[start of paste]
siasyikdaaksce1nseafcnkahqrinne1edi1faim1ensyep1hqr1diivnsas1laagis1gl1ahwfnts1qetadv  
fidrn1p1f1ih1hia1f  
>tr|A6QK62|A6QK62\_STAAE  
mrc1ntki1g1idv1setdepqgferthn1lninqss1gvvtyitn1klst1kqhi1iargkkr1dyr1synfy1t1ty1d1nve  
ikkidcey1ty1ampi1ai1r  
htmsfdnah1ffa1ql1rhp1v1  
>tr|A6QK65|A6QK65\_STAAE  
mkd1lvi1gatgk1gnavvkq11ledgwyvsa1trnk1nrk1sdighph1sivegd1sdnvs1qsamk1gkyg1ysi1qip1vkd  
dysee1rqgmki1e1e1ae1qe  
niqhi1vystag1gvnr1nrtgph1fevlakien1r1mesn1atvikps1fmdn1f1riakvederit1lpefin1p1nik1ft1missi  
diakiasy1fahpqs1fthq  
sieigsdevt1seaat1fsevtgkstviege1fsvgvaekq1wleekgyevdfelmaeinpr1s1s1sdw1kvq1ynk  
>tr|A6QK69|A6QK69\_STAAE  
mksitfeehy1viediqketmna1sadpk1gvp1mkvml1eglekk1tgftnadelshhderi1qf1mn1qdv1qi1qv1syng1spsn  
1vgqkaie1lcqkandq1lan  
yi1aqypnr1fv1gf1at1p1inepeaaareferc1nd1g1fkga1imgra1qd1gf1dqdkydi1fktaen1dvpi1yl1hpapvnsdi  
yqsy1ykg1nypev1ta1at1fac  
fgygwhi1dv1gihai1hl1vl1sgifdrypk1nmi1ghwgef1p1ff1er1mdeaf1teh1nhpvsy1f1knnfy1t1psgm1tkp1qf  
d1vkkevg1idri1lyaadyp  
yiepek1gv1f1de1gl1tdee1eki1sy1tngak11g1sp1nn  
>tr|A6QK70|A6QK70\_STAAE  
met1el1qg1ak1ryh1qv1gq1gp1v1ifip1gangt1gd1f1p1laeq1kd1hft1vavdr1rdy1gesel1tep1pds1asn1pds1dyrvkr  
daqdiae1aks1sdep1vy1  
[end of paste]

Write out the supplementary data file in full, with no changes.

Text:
siasyikdaaksce1nseafcnkahqrinne1edi1faim1ensyep1hqr1diivnsas1laagis1gl1ahwfnts1qetadv  
fidrn1p1f1ih1hia1f  
>tr|A6QK62|A6QK62\_STAAE  
mrc1ntki1g1idv1setdepqgferthn1lninqss1gvvtyitn1klst1kqhi1iargkkr1dyr1synfy1t1ty1d1nve  
ikkidcey1ty1ampi1ai1r  
htmsfdnah1ffa1ql1rhp1v1  
>tr|A6QK65|A6QK65\_STAAE  
mkd1lvi1gatgk1gnavvkq11ledgwyvsa1trnk1nrk1sdighph1sivegd1sdnvs1qsamk1gkyg1ysi1qip1vkd  
dysee1rqgmki1e1e1ae1qe  
niqhi1vystag1gvnr1nrtgph1fevlakien1r1mesn1atvikps1fmdn1f1riakvederit1lpefin1p1nik1ft1missi  
diakiasy1fahpqs1fthq  
sieigsdevt1seaat1fsevtgkstviege1fsvgvaekq1wleekgyevdfelmaeinpr1s1s1sdw1kvq1ynk  
>tr|A6QK69|A6QK69\_STAAE  
mksitfeehy1viediqketmna1sadpk1gvp1mkvml1eglekk1tgftnadelshhderi1qf1mn1qdv1qi1qv1syng1spsn  
1vgqkaie1lcqkandq1lan  
yi1aqypnr1fv1gf1at1p1inepeaaareferc1nd1g1fkga1imgra1qd1gf1dqdkydi1fktaen1dvpi1yl1hpapvnsdi  
yqsy1ykg1nypev1ta1at1fac  
fgygwhi1dv1gihai1hl1vl1sgifdrypk1nmi1ghwgef1p1ff1er1mdeaf1teh1nhpvsy1f1knnfy1t1psgm1tkp1qf  
d1vkkevg1idri1lyaadyp  
yiepek1gv1f1de1gl1tdee1eki1sy1tngak11g1sp1nn  
>tr|A6QK70|A6QK70\_STAAE  
met1el1qg1ak1ryh1qv1gq1gp1v1ifip1gangt1gd1f1p1laeq1kd1hft1vavdr1rdy1gesel1tep1pds1asn1pds1dyrvkr  
daqdiae1aks1sdep1vy1  